During the study, observations were confined to 165 classroom sessions taught by 25 different teachers in 4 selected preschools in Hong Kong. Thus, a limitation is the small sample size and potential generalizability. Nonetheless, the study does contribute to the scarce literature on PA and its related contexts in preschools. Policies and practices related to PA and sedentary behavior vary widely and there are currently no national or even US state surveillance samples; thus, additional PA studies in preschools are warranted. These should include both surveillance studies to determine what is actually happening at preschools and intervention studies to determine if and how conditions can be improved. Studies should not be limited to using only questionnaires to assess policies and practices and accelerometers or pedometers to assess PA, but should also include the use observation methods (i.e., use “ground truthing” strategies), so that important on-site and potentially modifiable contexts can be assessed directly (McKenzie & Van der Mars, 2015) .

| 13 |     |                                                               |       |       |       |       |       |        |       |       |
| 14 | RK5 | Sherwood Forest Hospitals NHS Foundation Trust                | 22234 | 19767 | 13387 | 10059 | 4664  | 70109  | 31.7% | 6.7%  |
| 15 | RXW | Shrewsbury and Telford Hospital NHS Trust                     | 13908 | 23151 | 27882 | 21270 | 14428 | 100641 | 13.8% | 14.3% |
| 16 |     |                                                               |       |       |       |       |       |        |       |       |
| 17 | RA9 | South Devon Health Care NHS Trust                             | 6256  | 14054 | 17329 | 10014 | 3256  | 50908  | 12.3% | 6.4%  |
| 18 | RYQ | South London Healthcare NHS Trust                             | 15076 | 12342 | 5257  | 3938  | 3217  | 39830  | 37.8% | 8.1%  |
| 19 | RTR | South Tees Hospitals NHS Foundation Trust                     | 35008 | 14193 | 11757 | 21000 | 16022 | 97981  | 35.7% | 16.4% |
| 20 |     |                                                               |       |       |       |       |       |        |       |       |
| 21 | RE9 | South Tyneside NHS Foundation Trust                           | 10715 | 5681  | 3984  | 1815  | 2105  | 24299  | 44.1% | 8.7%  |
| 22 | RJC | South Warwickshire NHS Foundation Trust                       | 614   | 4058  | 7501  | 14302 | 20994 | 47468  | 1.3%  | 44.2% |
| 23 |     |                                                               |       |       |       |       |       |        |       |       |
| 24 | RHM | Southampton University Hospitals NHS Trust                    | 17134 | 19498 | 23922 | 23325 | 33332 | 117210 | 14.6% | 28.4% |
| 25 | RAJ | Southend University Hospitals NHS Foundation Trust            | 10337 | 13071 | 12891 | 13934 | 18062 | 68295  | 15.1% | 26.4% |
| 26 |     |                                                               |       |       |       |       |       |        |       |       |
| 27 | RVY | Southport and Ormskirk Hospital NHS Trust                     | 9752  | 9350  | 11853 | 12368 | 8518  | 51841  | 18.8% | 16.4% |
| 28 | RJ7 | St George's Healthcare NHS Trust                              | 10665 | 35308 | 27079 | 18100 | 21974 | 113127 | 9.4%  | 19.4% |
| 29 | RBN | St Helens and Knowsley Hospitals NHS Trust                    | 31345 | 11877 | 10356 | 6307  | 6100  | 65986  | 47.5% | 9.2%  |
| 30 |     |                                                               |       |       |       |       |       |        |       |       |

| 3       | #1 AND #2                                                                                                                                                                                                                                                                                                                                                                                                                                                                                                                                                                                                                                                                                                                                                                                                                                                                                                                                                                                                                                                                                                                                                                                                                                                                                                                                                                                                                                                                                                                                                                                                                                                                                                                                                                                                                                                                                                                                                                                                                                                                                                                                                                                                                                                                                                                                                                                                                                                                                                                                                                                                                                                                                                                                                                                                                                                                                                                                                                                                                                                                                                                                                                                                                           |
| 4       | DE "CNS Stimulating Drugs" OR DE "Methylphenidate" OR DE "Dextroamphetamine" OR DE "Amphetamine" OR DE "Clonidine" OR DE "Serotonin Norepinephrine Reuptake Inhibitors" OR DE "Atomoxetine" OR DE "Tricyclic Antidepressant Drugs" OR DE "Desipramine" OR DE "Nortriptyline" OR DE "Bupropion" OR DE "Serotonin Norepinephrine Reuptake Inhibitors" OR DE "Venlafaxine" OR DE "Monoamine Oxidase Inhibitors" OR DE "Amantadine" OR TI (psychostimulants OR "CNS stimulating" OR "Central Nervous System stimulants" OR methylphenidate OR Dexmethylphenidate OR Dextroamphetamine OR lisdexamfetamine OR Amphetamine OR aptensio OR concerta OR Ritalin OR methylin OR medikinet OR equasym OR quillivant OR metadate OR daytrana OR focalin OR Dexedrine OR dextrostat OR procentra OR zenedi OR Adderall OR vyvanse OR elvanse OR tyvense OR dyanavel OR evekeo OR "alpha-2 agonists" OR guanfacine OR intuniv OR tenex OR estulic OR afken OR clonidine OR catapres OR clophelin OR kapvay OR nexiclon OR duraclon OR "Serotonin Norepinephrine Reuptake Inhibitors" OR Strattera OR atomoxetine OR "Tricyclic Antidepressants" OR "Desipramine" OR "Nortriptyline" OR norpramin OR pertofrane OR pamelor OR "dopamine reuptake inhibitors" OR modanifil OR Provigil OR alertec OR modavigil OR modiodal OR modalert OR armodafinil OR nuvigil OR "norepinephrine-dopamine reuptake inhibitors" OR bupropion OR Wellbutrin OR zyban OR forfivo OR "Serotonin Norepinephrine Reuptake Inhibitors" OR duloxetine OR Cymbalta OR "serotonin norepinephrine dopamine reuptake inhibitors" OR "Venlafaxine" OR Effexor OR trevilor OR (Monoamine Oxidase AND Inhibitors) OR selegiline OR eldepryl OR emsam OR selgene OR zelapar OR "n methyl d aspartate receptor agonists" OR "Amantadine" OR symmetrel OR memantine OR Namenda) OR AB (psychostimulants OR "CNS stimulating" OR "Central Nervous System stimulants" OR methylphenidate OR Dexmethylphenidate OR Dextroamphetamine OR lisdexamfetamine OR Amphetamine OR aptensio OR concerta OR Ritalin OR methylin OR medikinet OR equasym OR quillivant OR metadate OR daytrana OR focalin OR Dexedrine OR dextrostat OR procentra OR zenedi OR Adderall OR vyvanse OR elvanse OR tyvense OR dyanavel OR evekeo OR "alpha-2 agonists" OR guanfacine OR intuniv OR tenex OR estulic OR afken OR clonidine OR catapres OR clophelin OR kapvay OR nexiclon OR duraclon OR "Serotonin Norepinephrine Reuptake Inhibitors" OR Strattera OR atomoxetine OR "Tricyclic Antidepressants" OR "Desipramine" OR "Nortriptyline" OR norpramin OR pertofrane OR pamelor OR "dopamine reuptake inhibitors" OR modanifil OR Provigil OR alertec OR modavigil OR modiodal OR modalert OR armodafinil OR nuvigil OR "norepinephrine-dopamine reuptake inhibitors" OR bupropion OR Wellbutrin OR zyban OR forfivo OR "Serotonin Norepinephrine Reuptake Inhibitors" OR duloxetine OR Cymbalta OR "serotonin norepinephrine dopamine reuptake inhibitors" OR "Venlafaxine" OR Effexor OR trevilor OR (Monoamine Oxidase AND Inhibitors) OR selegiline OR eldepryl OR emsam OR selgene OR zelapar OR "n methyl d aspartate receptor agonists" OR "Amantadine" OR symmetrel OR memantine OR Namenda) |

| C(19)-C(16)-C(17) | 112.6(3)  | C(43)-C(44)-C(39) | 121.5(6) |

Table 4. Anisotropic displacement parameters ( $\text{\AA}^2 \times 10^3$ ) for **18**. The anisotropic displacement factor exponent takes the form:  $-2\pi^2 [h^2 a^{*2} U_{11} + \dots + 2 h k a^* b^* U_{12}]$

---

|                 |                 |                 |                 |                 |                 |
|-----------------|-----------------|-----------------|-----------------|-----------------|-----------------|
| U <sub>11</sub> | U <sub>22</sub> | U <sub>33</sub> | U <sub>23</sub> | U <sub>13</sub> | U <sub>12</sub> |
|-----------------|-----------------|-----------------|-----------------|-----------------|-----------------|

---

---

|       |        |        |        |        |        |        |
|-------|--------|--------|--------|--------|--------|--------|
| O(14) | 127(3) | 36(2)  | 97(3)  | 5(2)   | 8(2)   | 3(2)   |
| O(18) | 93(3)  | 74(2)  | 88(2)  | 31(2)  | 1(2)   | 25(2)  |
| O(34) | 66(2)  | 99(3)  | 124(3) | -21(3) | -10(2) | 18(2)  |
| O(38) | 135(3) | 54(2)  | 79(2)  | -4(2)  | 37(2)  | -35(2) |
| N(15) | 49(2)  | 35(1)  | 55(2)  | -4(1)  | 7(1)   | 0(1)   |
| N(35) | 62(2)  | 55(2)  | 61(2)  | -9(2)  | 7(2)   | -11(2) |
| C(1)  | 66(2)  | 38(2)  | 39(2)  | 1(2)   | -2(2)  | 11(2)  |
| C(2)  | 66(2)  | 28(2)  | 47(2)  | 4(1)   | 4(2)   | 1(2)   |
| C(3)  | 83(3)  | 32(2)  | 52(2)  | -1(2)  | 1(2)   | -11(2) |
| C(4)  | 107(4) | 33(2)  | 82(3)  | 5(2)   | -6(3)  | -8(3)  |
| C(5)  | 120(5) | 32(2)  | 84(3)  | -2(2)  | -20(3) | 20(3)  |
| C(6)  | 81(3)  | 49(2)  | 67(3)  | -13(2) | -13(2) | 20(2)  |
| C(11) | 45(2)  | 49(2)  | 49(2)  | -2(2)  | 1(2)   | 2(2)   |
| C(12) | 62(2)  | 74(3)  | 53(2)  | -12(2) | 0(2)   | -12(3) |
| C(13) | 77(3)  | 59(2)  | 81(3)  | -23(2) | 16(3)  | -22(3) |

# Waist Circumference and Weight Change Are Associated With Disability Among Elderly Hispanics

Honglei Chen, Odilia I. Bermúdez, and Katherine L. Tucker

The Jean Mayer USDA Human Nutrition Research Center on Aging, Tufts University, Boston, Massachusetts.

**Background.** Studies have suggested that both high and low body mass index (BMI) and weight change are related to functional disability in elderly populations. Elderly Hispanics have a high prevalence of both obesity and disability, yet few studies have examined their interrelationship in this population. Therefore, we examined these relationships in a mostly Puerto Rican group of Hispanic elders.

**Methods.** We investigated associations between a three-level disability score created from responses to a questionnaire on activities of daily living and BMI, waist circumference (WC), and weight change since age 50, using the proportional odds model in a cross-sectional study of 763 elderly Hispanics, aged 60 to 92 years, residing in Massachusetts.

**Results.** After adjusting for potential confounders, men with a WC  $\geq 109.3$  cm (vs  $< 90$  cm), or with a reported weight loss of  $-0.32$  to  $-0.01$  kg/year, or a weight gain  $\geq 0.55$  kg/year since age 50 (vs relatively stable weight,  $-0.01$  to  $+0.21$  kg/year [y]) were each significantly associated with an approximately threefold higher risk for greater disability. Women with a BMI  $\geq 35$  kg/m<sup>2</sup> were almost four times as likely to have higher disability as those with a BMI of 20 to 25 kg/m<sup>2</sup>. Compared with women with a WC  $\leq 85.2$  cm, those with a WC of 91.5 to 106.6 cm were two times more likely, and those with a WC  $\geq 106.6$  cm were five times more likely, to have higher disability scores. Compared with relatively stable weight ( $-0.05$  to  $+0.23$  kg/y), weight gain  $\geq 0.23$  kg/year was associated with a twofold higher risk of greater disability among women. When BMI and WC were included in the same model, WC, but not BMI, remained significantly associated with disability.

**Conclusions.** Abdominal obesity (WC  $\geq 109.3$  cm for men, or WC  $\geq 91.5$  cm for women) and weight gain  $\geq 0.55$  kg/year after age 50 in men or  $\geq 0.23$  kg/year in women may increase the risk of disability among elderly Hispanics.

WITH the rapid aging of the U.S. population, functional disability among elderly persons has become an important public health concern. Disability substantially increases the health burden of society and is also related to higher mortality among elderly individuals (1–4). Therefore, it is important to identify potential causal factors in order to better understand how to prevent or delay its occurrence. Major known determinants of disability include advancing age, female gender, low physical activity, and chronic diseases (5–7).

Cite this paper

Bik C.Chow,Thomas L.McKenzie,LoboLouie, (2015) Physical Activity and Its Contexts during Preschool Classroom Sessions. Advances in Physical Education,05,194-203. doi: 10.4236/ape.2015.53024